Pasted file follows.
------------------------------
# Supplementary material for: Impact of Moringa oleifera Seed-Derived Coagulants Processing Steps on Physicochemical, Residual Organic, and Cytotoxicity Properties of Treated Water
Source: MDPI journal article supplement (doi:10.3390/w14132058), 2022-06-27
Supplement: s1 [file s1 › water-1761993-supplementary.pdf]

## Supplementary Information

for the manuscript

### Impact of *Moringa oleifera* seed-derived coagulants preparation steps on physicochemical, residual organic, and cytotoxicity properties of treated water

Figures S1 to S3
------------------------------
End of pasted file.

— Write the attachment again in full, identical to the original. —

# Supplementary material for: Impact of Moringa oleifera Seed-Derived Coagulants Processing Steps on Physicochemical, Residual Organic, and Cytotoxicity Properties of Treated Water
Source: MDPI journal article supplement (doi:10.3390/w14132058), 2022-06-27
Supplement: s1 [file s1 › water-1761993-supplementary.pdf]

## Supplementary Information

for the manuscript

### Impact of *Moringa oleifera* seed-derived coagulants preparation steps on physicochemical, residual organic, and cytotoxicity properties of treated water

Figures S1 to S3